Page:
I want to replace rm by a more informative variant: I would like to see which files will be deleted, along with their size, and I would like this information to use the same coloring as ls. As an example (please imagine the coloring):

# remove -r foo/ bar/*
4K   bar/file1
1.2M foo/
6.1M bar/file2
remove -r 3 files, 7.3M [yn]? _

I built on suggestions found in another question, and now have a bash script that I begin to like. I have been using it for a few days without noticing any obvious errors. However, I would appreciate any help with making sure that the script will not misbehave in cases I did not foresee.

Here is my code for the coloring:

du_colored (){
    # read ls --color output into ls_colored_array
    # use \13 as a trick to handle names with spaces 
    read -d '\n' -r -a ls_colored_array <<< $(ls -Ad --color "$@" | tr " " "\13")

    if [[ ${#ls_colored_array[@]} = 0 ]]; then return 1; fi

    # - loop over the array and issue du -sh for every element (without coloring)
    # - exchange du's ouput with ls's
    # - finally sort the output
    for i in "${ls_colored_array[@]}"; do
        i=`echo $i | tr "\13" " "`
        printf '%s' "${i}" | sed -r "s/\x1B\[([0-9]{1,2}(;[0-9]{1,2})?)?[m|K]//g" | \
            xargs -n1 -0 du -sh | awk -v i="$i" '{ printf "%-4s ", $1; print i }'
    done | sort -h

and the removal script:

# Separate options to rm from 'real' arguments
for i in "$@"; do
    case $i in
        -*) options+=( "$i" ) ;;
        *)  toRemove+=( "$i" ) ;;

# Print file list
# Abort if no files match
du_colored "${toRemove[@]}"
if [ "_$?" != "_0" ]; then exit 1; fi

# Print summary
count=$(find "${toRemove[@]}" 2>/dev/null | wc -l 2>/dev/null)
size=$(du -sch "${toRemove[@]}" 2>/dev/null | tail -1 | tr '\t' ' ')
if [ $count -eq 1 ]; then plural=""; fi
printf "remove ${options[@]} ($count file$plural, $size) [ny]? " ; read
if [ "_$REPLY" = "_y" ]; then
    /bin/rm ${options[@]} ${toRemove[@]}
    echo '(cancelled)'
  • Does this look safe in the sense that what du_colored presents is exactly what will be deleted? Both files and directories seem to be treated correctly, even if they include spaces or wildcards. Are there scenarios that I missed? An obvious one are file names that contain a \13 character.
  • The initial ls in du_colored throws errors for non-existing files, which I like because it mimicks the behavior of regular rm. However, I currently discard all error messages of the final find and grep commands, such that non-existing files do not produce multiple errors. This seems like a dirty trick. Is there a cleaner way?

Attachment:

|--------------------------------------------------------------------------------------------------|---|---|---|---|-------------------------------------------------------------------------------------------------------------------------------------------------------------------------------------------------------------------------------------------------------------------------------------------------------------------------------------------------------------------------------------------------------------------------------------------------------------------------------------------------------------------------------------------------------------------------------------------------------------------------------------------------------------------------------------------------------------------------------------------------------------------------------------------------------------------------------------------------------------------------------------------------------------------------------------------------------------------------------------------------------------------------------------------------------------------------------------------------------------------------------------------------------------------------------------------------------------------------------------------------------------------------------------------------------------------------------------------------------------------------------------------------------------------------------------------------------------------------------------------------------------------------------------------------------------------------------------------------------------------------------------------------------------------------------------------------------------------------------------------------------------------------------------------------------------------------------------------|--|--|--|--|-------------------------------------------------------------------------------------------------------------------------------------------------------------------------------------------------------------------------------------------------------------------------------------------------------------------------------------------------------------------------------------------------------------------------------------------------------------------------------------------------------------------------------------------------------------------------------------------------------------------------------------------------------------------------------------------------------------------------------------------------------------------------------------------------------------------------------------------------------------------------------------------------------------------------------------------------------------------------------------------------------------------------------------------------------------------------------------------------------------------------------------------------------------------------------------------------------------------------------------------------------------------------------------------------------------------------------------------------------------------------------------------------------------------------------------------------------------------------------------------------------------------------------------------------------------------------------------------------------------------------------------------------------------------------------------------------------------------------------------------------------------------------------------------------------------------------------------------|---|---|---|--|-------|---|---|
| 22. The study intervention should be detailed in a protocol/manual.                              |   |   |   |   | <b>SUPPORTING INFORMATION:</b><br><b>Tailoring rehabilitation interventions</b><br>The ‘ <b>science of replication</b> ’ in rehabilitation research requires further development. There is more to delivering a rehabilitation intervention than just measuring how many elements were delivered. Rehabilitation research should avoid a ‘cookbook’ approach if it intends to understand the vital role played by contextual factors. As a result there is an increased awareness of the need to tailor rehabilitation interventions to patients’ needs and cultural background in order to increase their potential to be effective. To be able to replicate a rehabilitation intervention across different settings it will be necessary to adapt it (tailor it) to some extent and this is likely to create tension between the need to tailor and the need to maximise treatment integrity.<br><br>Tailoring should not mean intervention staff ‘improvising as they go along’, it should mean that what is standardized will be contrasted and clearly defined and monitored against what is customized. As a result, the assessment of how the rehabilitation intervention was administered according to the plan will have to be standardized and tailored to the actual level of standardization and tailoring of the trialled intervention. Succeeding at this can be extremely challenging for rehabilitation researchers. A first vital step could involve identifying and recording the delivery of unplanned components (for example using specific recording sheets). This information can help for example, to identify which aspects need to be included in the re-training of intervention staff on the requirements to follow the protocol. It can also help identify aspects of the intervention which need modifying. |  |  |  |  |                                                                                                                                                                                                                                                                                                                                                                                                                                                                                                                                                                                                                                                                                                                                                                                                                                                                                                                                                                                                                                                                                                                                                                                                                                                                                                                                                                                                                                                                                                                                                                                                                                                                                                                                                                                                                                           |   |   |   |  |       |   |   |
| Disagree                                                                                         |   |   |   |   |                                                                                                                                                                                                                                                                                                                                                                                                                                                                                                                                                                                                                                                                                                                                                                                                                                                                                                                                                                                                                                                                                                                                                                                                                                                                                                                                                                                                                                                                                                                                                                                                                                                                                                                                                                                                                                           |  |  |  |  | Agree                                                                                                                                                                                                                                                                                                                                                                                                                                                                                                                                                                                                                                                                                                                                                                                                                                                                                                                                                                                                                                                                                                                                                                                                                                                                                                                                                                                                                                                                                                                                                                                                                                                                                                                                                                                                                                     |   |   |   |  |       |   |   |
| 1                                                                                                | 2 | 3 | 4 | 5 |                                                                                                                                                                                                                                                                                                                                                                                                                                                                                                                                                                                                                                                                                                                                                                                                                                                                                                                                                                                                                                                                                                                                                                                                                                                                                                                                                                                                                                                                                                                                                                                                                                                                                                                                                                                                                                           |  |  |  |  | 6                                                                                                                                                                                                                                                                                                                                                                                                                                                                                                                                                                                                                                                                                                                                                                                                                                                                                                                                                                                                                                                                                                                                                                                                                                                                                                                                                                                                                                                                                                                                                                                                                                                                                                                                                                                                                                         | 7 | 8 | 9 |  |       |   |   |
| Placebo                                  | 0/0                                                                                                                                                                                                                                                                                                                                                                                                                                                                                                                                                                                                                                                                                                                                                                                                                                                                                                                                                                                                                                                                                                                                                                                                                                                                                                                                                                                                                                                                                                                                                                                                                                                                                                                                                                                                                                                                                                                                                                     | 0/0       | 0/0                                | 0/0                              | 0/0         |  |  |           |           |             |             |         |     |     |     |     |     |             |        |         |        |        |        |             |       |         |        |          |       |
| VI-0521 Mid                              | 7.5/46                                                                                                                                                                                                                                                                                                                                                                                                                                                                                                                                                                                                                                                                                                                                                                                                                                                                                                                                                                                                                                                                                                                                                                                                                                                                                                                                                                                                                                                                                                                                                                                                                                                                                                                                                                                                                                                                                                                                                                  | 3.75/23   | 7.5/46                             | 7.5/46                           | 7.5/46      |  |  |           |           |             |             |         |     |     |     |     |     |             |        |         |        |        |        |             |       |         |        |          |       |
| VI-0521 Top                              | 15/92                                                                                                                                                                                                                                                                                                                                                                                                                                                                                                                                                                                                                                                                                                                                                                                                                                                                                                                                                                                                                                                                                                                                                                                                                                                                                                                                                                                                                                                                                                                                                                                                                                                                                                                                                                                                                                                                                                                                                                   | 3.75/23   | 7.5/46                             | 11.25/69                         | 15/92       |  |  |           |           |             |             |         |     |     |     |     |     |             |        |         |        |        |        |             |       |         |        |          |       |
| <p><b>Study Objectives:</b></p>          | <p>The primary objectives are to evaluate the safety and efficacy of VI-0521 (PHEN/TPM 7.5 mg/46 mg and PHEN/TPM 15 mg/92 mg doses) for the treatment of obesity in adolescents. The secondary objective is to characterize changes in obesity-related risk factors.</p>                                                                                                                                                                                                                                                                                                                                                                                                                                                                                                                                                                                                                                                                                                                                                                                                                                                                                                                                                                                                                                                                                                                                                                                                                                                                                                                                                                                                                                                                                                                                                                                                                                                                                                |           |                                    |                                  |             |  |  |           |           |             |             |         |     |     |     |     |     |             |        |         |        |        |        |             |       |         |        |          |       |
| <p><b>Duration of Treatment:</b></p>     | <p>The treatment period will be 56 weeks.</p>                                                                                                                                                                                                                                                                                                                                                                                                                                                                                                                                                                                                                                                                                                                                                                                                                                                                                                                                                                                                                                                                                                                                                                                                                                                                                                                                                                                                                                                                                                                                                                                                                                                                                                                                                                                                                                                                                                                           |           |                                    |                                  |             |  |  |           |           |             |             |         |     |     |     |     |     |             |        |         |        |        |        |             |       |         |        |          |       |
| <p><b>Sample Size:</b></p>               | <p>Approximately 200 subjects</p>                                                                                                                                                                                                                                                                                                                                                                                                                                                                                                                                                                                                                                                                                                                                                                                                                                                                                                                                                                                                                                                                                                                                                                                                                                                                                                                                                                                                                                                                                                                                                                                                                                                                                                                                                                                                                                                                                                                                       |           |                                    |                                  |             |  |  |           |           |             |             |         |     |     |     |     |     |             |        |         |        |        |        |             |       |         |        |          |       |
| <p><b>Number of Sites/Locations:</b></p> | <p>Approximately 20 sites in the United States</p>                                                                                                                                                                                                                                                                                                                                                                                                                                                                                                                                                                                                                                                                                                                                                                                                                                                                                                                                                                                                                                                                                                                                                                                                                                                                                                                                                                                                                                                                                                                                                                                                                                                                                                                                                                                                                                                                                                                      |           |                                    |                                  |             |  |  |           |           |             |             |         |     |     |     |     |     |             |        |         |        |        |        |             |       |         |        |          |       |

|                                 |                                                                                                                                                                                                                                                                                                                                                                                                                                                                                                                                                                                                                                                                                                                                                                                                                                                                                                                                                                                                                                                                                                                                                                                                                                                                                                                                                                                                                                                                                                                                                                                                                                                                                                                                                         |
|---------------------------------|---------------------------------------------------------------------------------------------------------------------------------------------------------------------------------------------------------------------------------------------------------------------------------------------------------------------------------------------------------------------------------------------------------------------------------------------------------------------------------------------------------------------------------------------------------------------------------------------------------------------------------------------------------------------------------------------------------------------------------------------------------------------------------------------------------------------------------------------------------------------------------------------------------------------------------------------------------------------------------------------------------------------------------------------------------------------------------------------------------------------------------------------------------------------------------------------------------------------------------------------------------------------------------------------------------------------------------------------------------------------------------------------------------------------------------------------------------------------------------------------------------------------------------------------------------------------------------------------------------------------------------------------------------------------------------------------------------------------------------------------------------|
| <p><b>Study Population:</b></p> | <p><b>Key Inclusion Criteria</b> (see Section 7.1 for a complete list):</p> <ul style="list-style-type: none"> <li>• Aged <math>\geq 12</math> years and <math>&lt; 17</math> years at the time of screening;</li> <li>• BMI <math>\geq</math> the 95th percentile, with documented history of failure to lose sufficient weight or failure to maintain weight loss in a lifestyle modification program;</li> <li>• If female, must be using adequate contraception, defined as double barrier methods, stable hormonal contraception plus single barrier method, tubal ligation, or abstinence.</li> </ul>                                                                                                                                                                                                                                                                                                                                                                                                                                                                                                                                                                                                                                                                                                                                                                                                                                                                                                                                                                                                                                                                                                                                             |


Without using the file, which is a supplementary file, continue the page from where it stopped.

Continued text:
• Bonus question: Is there an easy way to make the output use multiple columns, just as a regular ls would? I tried several ways to pipe the output of du_colored to other tools, but either the colors were lost completely or the control characters for the coloring broke the alignment, as they do in ls --color | pr -2 -t.

2 Answers 2


Bonus question: Does ls -C help?

-C     list entries by columns

You need -r to remove directories, so do you intend to impose this check as well when directories are specified?

if [ $count -eq 1 ]; then plural=""; fi

That can be rewritten as

[ $count -eq 1 ] && plural="" || plural="s"

Is the use of _ really necessary here?

if [ "_$?" != "_0" ]; then exit 1; fi
if [ "_$REPLY" = "_y" ]; then

edit: Bonus question, round 2...

You could try this for du_colored:

du_colored() {
    du -sh "$@" | awk -F'\t' -v COL=4 \
        '{if(++c>COL){c=1;print""}("ls -Ad --color \""$2"\"")|getline entry;
        printf "%6s %s\t",$1,entry}END{print""}' | \
    column -s $'\t' -t

Instead of parsing ls output carefully to feed into du, I started from the output of du and then replacing each entry with its ls --Ad --color output. COL is used to fix the number of 'columns' we want column to pick up afterwards, which is in turn used to print the appropriate newlines.

Finally, I feed the output to column as a final attempt at pretty-printing. \t is used as the delimiter throughout.

It still doesn't look as nice as the default non-piped ls output, but at least it's something I suppose...

edit 2: Bonus question, round 3...

I hope this is what's required... :)

du_colored() {
    awk -F'/' 'NR==FNR{k=$0;gsub(/\x1B\[[;[:digit:]]*m/,"",k);s[k]=$0}
        NR!=FNR{l=$0;for(i=3;i<=NF;i+=2){v=$i;gsub(/[ ]+$/,"",v);sub(v,s[v],l)};
            gsub("/"," ",l);print l}' \
    <(ls -Ad --color "$@") \
    <(du -sh "$@" | awk -F'\t' -v C=4 '{if(++c>C){c=1;print""}printf "/%6s/%s\t",$1,$2}
        END{print""}' | column -s $'\t' -t)